Many education reformers believe that increasing parental involvement can improve student learning. Tennessee may be trying to cut off federal welfare benefits to poor families if children fail classes or parents don’t show up at parent-teacher conferences, but Connecticut is taking another tactic.

According to a piece in Education Week:

A Connecticut bill that would allow parents to take up to 20 hours of parental leave from their employers to attend their children’s school-related activities is under consideration. It was sent to the House Committee on Appropriations on April 3.

The bill covers parents, guardians, or grandparents who have custody of a school-age child, and it addresses “qualified” school-related activities, which include parent-teacher conferences, back-to-school nights, and school board meetings. The bill, which was introduced by Committee on Children, would require an annual allotment of 20 hours leave.

Maryland introduced a similar law last year. The bill died after the legislature’s Economic Matters committee issued a critical report about the potential economic impact of the legislation.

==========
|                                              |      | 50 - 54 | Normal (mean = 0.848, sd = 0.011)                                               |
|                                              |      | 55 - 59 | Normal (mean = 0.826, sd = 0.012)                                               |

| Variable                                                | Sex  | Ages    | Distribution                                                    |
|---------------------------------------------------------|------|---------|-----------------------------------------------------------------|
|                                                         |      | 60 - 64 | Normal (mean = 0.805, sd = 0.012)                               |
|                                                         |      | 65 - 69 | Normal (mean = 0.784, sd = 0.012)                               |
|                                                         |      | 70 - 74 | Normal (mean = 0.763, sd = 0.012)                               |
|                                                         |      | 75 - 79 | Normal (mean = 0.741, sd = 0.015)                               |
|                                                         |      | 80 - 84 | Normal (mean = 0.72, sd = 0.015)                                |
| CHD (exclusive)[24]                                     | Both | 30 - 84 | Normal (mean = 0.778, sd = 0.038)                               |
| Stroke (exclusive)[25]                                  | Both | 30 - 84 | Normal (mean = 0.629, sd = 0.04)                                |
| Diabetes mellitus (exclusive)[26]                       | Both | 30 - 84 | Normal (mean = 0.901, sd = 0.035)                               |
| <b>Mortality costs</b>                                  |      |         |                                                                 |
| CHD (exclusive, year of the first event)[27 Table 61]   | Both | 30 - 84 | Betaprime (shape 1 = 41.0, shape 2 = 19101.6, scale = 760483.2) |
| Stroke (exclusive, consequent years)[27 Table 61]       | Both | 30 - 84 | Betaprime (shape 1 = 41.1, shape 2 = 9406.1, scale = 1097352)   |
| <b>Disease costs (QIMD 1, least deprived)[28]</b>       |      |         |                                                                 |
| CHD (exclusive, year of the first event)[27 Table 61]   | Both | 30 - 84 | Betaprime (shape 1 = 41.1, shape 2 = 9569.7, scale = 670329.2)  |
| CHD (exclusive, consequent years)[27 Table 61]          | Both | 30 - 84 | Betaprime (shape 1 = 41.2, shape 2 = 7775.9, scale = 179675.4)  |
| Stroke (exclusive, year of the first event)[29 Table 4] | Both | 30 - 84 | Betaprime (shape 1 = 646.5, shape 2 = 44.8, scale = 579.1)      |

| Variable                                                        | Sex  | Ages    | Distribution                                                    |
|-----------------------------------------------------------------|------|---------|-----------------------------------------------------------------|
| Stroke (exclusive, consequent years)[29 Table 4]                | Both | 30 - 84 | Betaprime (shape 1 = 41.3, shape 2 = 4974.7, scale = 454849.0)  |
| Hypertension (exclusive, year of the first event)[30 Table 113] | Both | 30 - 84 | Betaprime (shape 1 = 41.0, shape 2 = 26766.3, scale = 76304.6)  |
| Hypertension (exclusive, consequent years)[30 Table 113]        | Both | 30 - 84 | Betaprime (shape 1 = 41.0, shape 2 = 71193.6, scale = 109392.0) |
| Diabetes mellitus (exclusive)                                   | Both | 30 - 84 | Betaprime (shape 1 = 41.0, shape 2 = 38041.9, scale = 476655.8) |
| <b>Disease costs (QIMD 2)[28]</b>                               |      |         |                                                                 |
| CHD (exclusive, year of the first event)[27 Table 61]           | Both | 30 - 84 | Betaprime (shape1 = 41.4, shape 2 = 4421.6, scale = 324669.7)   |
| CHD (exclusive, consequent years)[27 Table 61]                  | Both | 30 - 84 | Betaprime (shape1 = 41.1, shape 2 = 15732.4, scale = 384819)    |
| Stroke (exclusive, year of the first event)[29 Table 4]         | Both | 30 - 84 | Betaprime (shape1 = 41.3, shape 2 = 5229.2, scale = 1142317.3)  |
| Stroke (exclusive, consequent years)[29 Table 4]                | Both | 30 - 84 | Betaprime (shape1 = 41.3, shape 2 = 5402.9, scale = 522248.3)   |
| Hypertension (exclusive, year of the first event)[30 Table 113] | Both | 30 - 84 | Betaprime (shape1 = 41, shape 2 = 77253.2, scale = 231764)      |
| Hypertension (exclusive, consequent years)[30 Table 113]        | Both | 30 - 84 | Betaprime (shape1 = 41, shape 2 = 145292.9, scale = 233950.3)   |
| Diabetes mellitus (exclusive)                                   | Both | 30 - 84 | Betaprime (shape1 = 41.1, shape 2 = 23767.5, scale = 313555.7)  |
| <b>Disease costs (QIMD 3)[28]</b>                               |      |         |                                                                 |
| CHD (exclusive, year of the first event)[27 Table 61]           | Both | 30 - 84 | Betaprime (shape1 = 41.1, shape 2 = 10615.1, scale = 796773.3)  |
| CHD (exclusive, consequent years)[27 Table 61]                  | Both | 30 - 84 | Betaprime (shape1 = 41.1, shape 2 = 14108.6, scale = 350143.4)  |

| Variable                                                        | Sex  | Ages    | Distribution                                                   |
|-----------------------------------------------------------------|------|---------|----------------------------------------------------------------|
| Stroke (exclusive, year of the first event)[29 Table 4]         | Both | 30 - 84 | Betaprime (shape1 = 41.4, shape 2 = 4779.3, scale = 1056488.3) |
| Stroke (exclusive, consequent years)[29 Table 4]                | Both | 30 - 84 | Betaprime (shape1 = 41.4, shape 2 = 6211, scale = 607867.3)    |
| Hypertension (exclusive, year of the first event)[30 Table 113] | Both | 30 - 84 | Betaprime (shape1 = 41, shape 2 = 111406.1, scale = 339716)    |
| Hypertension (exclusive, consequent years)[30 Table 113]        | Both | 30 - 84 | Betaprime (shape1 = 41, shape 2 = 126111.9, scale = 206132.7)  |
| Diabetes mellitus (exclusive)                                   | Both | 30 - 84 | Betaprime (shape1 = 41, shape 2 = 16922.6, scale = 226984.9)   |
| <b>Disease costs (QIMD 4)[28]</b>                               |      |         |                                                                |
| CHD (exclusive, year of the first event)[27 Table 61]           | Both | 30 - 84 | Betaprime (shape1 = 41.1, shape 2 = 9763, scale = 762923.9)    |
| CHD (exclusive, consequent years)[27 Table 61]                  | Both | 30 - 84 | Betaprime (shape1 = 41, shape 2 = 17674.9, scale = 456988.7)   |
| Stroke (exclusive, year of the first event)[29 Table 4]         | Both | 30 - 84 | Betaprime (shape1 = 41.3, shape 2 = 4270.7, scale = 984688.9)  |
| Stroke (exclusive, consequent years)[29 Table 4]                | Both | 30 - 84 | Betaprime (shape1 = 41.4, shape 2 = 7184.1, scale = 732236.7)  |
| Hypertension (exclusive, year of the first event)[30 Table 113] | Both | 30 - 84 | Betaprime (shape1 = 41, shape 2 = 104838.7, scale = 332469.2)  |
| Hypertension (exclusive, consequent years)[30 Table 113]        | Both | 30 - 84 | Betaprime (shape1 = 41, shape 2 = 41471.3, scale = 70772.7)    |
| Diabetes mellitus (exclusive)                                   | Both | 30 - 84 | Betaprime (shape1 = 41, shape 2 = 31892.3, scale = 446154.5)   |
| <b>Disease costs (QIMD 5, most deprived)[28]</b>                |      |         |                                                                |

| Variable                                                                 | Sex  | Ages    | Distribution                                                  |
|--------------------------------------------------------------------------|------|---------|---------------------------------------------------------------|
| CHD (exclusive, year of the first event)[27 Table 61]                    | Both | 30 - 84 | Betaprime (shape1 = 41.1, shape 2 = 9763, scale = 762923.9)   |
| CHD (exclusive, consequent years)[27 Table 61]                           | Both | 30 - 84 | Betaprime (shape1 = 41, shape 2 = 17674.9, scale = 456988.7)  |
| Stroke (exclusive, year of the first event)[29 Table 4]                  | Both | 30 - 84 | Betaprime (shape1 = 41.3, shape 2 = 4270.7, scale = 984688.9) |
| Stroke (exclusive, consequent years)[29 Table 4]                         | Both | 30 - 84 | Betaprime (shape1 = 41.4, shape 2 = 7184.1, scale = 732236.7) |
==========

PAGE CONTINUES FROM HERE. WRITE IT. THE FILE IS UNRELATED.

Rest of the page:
The Connecticut bill may face similar opposition. As a spokesman for the Connecticut Business and Industry Association put it, the legislation “disregards the staffing needs of employers and conflicts with their policies for requesting and approving time off that were implemented to provide fairness amongst all employees.”

Well there’s that. There’s also the fact that it might not really work to accomplish legislators’ education goals.

The vice president of government relations at the Connecticut Parent Teacher Student Association told Ed Week that “schools would need to spend another $1,000 more per pupil to get the same gains in student achievement that an involved parent brings.” That’s an interesting, if hard to verify, point, but 10 states—Massachusetts, Vermont, Colorado, Illinois, Minnesota, Nevada, North Carolina, Rhode Island, Louisiana, California—and the District of Columbia already require that employers provide leave for parents or guardians to participate in school activities. These include some of the best places in America in terms of k-12 achievement, but also some of the worst.

The states passed these parental involvement laws between 1993 and 2009. Did achievement improve after that?

Daniel Luzer

Daniel Luzer is the news editor at Governing Magazine and former web editor of the Washington Monthly. Find him on Twitter: @Daniel_Luzer